We started off in Ashland with a badly-lit northbound train. Talk on the radio, however, indicated that a bad switch several miles north at Milford had southbound trains blocked. Once the switch was fixed, a parade of two Amtrak trains and two CSX freights came through. Nice.

Next up was a very poorly lit northbound, but we could hear him talking to a southbound up the line. I had never gotten the shot of a train passing the church at Gwathmey, two miles below Ashland, so while Bruce stayed in town to get a shot near the Ashland station, I headed to Gwathmey for the southbound. Just below Gwathmey the freight met a northbound (and once again poorly lit) Amtrak train.

The day was winding down, and long shadows were creeping it at Ashland. With one more Amtrak southbound on the schedule, we headed back to Doswell, which was more open. Before Amtrak arrived, a northbound local freight appeared and stopped to work the Buckingham Branch interchange. Then in was time for Amtrak, and then it was time to hit the road. Bruce headed north back to New Jersey, and I headed non-stop south to Charleston. Okay, I made one stop -- I had to get a taco at South of the Border!

Day 2: January 11, 2010 -- Empty Palmetto Rails
See the photos in Photo Lines

Ah, the warm south -- not! The fountains in front of the Charleston Place Hotel had ice clinging to its horses. After two days of meetings, it was time to head north and I was anxious to explore what is known as the Lowcountry in South Carolina. I had several stops I wanted to make along CSX's ex-Atlantic Coast Line trackage. Since this was the I-95 of the rail world, I figured getting trains at most of the locations would be a snap.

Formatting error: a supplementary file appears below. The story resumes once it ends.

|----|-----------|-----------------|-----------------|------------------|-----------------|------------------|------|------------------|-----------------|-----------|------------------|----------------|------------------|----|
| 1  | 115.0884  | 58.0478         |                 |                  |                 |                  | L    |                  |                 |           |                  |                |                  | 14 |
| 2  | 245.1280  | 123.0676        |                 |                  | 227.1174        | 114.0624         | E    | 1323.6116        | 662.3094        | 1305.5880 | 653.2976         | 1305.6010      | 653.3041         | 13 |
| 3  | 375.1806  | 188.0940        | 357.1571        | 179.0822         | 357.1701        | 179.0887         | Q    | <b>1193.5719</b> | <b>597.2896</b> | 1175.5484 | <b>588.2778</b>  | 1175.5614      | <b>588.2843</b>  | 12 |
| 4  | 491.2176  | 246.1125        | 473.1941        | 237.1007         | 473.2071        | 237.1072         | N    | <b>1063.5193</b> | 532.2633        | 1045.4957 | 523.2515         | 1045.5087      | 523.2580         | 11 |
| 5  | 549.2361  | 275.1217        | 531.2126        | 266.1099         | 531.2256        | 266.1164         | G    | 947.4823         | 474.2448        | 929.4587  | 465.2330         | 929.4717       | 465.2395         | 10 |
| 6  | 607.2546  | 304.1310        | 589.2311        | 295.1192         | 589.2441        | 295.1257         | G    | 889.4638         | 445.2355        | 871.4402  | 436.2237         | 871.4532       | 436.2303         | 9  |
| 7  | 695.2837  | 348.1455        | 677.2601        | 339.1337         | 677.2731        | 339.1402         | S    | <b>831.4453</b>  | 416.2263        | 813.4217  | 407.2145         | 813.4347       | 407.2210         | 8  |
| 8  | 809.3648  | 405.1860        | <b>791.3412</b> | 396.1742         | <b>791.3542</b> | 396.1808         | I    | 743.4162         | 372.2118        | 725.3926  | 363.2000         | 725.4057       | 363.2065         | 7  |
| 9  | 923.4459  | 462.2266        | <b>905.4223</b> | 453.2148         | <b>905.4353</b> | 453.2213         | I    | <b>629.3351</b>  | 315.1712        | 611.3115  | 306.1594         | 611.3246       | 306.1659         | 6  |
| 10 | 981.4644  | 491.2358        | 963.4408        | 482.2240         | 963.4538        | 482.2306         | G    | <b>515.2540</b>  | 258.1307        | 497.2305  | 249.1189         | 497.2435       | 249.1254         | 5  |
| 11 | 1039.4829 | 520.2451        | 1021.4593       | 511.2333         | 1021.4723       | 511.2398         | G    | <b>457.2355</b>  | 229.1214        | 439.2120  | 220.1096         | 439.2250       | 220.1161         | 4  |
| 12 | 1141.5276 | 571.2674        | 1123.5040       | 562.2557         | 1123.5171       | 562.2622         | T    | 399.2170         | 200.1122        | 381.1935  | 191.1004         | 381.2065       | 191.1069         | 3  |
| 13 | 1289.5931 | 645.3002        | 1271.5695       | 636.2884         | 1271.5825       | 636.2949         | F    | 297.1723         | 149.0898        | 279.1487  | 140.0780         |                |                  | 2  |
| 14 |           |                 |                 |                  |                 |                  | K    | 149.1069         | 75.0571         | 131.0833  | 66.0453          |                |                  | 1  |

It was sunny and pleasantly warm(er) as I stopped next to a signal bridge just south of the Charleston Amtrak station in North Charleston. I hoped to get one freight going south before I had to relocate to find better lighting for Amtrak's northbound Palmetto. Sadly, all that came was a light engine move (with the engine running backwards) and a local freight (with the engine running backwards). Amtrak was nearly on time, however, so I pushed north hoping to find a wide open spot to shoot a broadside of the train.

Driving north, I passed the dragging defect detector at Goose Creek along U.S. 52. This would start talking on the radio once a train passed over it, so I made note of the mileage. Before I got to Monck's Corner, the detector, now about ten miles behind me, went off. I had a ten-mile lead on Amtrak. Crossing the tracks on a bridge at Monck's Corner I noticed a depot to the north -- that would be where I would make my stand. I snaked through town and down to the depot, only to discover the angle that looked so promising from the bridge (a quarter mile away) was quite cluttered. What to do . . . Amtrak was closing fast.